Interest Rates Pop to 5 Month Highs

Well the 10 year treasury has popped today to .75% which takes it to a level we haven’t seen since May.

Thus far a 5 or 6 basis point move has not been detrimental to pricing in income securities–and likely won’t be unless the ‘pop’ is more like .125 to .25% in a single day–then you are going to create some ‘nervous nellies’.

On a historical basis it has taken a jump of at least 1/8% for anyone to even notice–and more like 1/4% to start to see a bit of damage to preferred and baby bond pricing–numerous days with movements in yields a few basis points higher will be generally well tolerated.

On the other hand with these super low coupon issues being sold lately the reaction to rates moving higher could surprise us in these particular issues. No one wants to be holding a coupon of 3.875% when rates move higher.

So we will see what happens in the next few days–I suspect this is a very temporary move higher in yields–simply based on stimulus possibilities.

10 thoughts on “Interest Rates Pop to 5 Month Highs”

  1. I see 10 year at 1.471 on 2/21. A week later 1.127….a week later 0.76…a week later it hit 0. 39 but closed 0.95 a week later it touched 1.266 but closed 0.938

    Apr 21= 0.51…6/5 hit 0.95….8/6 0.504…. Today 0.72 ish……

    None of that matters to most of us. A Gary shilling remains long treasuries, he cares. Most anything tied to Treasuries is yielding so low its just tiddly winks.

    1. If you Prefer, Everything is tied to Treasuries, and the sensitivity to changes in rates increases as yields fall and duration rises.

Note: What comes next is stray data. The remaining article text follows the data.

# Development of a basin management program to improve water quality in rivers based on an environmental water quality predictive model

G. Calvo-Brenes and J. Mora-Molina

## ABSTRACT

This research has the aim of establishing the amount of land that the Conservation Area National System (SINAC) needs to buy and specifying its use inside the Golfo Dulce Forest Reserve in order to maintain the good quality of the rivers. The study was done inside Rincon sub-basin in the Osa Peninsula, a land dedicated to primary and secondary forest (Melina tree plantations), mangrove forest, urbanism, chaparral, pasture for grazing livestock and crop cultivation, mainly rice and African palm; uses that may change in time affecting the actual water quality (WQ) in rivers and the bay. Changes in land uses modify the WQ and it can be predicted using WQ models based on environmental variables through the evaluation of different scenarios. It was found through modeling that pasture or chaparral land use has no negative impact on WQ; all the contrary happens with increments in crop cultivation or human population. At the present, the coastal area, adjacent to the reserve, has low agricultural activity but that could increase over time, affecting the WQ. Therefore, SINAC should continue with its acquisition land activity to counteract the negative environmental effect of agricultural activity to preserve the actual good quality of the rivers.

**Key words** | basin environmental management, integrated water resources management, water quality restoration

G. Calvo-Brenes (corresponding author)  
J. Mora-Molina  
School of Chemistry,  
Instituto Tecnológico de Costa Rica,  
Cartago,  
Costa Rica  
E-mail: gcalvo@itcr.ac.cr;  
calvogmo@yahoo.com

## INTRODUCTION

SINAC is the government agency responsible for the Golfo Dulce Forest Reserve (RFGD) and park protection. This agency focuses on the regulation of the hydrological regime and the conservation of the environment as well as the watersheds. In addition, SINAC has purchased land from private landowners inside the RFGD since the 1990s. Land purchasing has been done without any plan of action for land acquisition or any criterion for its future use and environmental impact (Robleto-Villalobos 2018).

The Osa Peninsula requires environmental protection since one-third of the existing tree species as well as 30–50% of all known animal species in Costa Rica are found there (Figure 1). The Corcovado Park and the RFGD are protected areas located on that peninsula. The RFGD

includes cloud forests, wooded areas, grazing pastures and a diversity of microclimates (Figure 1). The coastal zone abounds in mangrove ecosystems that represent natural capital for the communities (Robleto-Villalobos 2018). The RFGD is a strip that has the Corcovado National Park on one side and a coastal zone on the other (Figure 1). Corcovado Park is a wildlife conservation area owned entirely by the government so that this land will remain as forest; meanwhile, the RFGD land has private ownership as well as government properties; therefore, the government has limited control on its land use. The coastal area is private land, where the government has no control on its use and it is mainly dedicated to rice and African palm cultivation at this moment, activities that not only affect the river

Lets say you have a Baby bond maturing in 20 years, trading at $26 and a coupon of 5%. The duration is 12.9 years, and if treasuries rise 1% from 0.75% to 1.75% you will lose 12.75%.

      1. Directions matter but with yields to call of 3.5 to 4.5 on pfds…. I have a hard time seeing direct correlation to 10 treasuries.

        Prices move in pfds more based on corporate finances, governance and inflation outlooks….then a direct spread to treasuries

      2. ChrisW, think about what you wrote, and then try some math. I have a rudimentary YTC calculator set up in Excel, which gives a decent approximation vs. the full-blown process using all future cash flows.

        $26 * 0.8725 = Price of 22.685 after the +1% change in rates, per your assumption. That would make the yield off price = 5.51% vs. 4.81% priced at 26, a change of -70 bps.

        Similarly, the estimated YTC would go from 4.71 to 5.76, or +105 bps. I find it hard to believe that the market would not react with the YTC spread vs. UST10 (if such a thing actually exists) tightening if for no reason other than the fact that the bond has gone from a premium to a discount. The principle in play is called ‘convexity’, and its relationship to duration for fixed income is similar to the relationship of gamma to delta in options. Investopedia has a nice chart here:
        https://www.investopedia.com/articles/bonds/08/duration-convexity.asp

        Others on the board with more experience may have real-life examples of where baby bonds and preferreds now at a $1 premium with similar coupons traded pre-Covid, but I can tell you that when I look at charts, I see preferreds like CFG-D that are trading at around the same level as their pre-Covid highs.

        We know that the 10 Y was at a much higher level in early January, roughly 100 bps, so by your logic an instrument with a 6.35% coupon that is not callable for another 3.5 years should be trading significantly higher now than it did in January. And, we certainly know that the emotions of the market and liquidity needs can overwhelm any math, regardless of instrument type.